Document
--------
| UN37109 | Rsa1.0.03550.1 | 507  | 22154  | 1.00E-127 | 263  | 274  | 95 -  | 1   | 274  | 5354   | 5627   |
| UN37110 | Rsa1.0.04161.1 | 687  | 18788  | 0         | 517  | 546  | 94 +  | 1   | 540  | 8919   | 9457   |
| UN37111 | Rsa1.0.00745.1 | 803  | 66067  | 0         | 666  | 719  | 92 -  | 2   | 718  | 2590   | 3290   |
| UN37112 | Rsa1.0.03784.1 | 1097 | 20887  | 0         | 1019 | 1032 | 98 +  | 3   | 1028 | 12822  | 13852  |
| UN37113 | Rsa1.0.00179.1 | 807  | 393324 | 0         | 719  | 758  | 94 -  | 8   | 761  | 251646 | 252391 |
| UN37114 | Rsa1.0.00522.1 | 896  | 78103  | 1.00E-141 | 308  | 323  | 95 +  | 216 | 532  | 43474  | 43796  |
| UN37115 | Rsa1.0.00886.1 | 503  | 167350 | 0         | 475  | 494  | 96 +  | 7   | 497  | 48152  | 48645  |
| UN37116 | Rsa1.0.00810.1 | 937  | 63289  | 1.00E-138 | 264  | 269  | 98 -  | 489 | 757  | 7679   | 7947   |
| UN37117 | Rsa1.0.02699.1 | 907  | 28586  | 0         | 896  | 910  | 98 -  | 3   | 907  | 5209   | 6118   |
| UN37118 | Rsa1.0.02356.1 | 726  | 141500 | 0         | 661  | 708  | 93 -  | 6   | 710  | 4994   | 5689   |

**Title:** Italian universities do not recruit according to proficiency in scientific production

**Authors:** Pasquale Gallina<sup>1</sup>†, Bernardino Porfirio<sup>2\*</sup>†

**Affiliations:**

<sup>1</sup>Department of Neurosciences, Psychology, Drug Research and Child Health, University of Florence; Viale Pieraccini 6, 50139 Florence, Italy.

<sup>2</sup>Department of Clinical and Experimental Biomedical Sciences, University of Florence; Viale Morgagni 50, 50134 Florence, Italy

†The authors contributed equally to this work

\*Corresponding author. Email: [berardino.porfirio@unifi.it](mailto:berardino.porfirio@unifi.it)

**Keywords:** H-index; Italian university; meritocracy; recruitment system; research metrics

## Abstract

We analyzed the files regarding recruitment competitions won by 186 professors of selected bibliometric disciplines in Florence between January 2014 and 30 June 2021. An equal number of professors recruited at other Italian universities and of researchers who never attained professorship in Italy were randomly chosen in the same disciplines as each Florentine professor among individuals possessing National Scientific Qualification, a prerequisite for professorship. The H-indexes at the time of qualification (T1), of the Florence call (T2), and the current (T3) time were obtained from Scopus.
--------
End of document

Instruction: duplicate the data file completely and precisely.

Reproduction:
| UN37109 | Rsa1.0.03550.1 | 507  | 22154  | 1.00E-127 | 263  | 274  | 95 -  | 1   | 274  | 5354   | 5627   |
| UN37110 | Rsa1.0.04161.1 | 687  | 18788  | 0         | 517  | 546  | 94 +  | 1   | 540  | 8919   | 9457   |
| UN37111 | Rsa1.0.00745.1 | 803  | 66067  | 0         | 666  | 719  | 92 -  | 2   | 718  | 2590   | 3290   |
| UN37112 | Rsa1.0.03784.1 | 1097 | 20887  | 0         | 1019 | 1032 | 98 +  | 3   | 1028 | 12822  | 13852  |
| UN37113 | Rsa1.0.00179.1 | 807  | 393324 | 0         | 719  | 758  | 94 -  | 8   | 761  | 251646 | 252391 |
| UN37114 | Rsa1.0.00522.1 | 896  | 78103  | 1.00E-141 | 308  | 323  | 95 +  | 216 | 532  | 43474  | 43796  |
| UN37115 | Rsa1.0.00886.1 | 503  | 167350 | 0         | 475  | 494  | 96 +  | 7   | 497  | 48152  | 48645  |
| UN37116 | Rsa1.0.00810.1 | 937  | 63289  | 1.00E-138 | 264  | 269  | 98 -  | 489 | 757  | 7679   | 7947   |
| UN37117 | Rsa1.0.02699.1 | 907  | 28586  | 0         | 896  | 910  | 98 -  | 3   | 907  | 5209   | 6118   |
| UN37118 | Rsa1.0.02356.1 | 726  | 141500 | 0         | 661  | 708  | 93 -  | 6   | 710  | 4994   | 5689   |

**Title:** Italian universities do not recruit according to proficiency in scientific production

**Authors:** Pasquale Gallina<sup>1</sup>†, Bernardino Porfirio<sup>2\*</sup>†

**Affiliations:**

<sup>1</sup>Department of Neurosciences, Psychology, Drug Research and Child Health, University of Florence; Viale Pieraccini 6, 50139 Florence, Italy.

<sup>2</sup>Department of Clinical and Experimental Biomedical Sciences, University of Florence; Viale Morgagni 50, 50134 Florence, Italy

†The authors contributed equally to this work

\*Corresponding author. Email: [berardino.porfirio@unifi.it](mailto:berardino.porfirio@unifi.it)

**Keywords:** H-index; Italian university; meritocracy; recruitment system; research metrics

## Abstract

We analyzed the files regarding recruitment competitions won by 186 professors of selected bibliometric disciplines in Florence between January 2014 and 30 June 2021. An equal number of professors recruited at other Italian universities and of researchers who never attained professorship in Italy were randomly chosen in the same disciplines as each Florentine professor among individuals possessing National Scientific Qualification, a prerequisite for professorship. The H-indexes at the time of qualification (T1), of the Florence call (T2), and the current (T3) time were obtained from Scopus.